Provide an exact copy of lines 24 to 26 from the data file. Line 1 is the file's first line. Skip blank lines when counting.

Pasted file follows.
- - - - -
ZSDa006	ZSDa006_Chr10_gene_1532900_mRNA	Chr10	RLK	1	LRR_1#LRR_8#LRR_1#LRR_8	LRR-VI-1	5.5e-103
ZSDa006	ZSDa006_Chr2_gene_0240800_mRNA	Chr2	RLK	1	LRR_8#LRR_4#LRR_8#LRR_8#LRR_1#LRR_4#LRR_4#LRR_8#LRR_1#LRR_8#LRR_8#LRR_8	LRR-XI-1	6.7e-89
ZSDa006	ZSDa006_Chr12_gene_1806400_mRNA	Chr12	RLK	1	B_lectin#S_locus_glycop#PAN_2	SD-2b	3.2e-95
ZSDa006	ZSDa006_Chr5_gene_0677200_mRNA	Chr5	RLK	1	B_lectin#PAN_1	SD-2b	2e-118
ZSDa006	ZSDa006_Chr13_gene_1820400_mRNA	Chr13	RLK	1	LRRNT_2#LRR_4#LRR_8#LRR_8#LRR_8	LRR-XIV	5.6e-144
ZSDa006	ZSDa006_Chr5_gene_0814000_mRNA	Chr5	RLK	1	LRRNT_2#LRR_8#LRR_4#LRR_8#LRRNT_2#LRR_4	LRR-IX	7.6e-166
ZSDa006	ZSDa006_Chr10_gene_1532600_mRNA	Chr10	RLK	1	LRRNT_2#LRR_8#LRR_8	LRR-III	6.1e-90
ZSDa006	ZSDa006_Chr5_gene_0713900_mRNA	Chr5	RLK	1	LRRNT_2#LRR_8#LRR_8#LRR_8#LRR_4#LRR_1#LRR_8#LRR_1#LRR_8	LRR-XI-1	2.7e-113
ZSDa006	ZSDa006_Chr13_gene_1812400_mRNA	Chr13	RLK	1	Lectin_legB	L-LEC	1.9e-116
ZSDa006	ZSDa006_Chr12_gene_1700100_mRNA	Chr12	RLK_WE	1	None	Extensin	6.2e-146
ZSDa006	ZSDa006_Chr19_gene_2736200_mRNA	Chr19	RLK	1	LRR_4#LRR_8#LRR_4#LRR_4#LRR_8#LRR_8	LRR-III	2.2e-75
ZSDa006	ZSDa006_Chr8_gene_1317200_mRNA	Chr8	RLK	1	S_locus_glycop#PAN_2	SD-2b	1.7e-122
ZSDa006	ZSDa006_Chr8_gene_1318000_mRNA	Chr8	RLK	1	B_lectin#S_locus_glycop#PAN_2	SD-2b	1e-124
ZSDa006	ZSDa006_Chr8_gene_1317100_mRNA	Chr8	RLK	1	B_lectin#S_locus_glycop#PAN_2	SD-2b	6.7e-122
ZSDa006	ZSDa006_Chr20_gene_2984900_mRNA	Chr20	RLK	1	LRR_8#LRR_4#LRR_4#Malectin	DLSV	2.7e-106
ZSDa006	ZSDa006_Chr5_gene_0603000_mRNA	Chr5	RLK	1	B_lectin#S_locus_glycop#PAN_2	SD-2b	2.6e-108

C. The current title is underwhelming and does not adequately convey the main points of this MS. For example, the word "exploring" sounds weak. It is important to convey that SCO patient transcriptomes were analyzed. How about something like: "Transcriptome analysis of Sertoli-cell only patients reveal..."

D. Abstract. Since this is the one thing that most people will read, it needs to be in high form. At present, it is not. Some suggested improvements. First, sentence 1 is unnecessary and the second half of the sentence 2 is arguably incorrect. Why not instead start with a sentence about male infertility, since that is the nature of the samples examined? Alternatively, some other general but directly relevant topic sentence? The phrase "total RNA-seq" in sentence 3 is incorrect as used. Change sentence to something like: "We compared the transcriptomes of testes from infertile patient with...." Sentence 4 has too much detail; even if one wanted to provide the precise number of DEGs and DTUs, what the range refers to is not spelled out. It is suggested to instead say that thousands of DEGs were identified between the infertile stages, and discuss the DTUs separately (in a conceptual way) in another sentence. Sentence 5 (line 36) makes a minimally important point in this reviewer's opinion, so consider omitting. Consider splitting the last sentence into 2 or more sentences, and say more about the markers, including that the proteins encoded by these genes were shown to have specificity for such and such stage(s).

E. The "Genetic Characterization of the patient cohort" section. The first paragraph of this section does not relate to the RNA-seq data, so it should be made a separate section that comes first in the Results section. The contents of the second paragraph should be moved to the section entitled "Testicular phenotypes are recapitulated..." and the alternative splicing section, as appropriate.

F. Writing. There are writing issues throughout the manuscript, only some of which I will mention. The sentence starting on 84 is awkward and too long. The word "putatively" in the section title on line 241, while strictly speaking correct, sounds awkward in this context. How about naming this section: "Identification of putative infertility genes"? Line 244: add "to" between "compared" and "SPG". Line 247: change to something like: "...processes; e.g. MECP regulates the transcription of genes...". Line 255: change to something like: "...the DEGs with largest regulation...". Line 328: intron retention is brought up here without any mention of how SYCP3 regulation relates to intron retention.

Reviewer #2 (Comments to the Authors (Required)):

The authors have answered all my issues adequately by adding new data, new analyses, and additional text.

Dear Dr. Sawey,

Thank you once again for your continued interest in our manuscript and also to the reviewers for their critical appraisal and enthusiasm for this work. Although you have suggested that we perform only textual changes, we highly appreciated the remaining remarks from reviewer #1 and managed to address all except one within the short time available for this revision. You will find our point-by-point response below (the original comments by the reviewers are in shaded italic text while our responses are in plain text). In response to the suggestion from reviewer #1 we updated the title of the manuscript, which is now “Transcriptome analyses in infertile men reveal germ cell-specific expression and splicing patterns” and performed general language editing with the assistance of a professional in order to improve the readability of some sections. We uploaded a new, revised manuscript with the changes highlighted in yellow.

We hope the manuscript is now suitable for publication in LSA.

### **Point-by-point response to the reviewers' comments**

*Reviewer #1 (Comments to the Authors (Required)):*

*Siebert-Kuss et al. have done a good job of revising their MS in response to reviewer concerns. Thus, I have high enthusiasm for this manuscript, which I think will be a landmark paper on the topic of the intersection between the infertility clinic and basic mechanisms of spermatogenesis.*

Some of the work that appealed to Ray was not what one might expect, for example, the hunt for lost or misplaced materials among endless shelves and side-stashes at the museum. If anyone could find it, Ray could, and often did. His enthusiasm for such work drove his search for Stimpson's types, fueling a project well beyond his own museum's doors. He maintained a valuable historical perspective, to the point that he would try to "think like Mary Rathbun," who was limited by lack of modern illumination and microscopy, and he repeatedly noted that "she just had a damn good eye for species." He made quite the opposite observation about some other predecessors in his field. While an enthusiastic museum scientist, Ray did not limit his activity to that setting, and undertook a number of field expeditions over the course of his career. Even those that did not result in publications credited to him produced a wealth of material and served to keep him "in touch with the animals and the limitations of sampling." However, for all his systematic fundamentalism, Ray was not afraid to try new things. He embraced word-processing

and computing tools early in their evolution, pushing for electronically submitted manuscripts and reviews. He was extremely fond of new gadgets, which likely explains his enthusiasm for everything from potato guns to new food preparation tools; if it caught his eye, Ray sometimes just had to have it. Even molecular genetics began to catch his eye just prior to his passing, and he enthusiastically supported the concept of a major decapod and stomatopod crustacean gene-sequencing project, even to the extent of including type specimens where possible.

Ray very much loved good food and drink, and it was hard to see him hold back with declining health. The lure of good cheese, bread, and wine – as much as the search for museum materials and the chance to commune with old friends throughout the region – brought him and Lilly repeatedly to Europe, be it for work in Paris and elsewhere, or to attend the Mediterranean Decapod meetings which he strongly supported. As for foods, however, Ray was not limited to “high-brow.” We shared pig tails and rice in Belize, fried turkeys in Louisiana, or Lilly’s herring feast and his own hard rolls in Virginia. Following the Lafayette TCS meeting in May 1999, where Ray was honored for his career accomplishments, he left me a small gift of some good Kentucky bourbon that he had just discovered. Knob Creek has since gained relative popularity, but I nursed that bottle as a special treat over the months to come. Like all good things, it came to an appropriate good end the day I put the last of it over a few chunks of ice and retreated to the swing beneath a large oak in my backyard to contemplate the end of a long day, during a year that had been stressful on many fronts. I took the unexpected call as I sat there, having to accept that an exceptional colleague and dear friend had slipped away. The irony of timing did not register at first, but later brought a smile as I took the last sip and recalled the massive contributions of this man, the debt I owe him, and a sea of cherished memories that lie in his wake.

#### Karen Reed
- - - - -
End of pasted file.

Thank you once again for your continued interest in our manuscript and also to the reviewers for their critical appraisal and enthusiasm for this work. Although you have suggested that we perform only textual changes, we highly appreciated the remaining remarks from reviewer #1 and managed to address all except one within the short time available for this revision. You will find our point-by-point response below (the original comments by the reviewers are in shaded italic text while our responses are in plain text). In response to the suggestion from reviewer #1 we updated the title of the manuscript, which is now “Transcriptome analyses in infertile men reveal germ cell-specific expression and splicing patterns” and performed general language editing with the assistance of a professional in order to improve the readability of some sections. We uploaded a new, revised manuscript with the changes highlighted in yellow.

We hope the manuscript is now suitable for publication in LSA.

### **Point-by-point response to the reviewers' comments**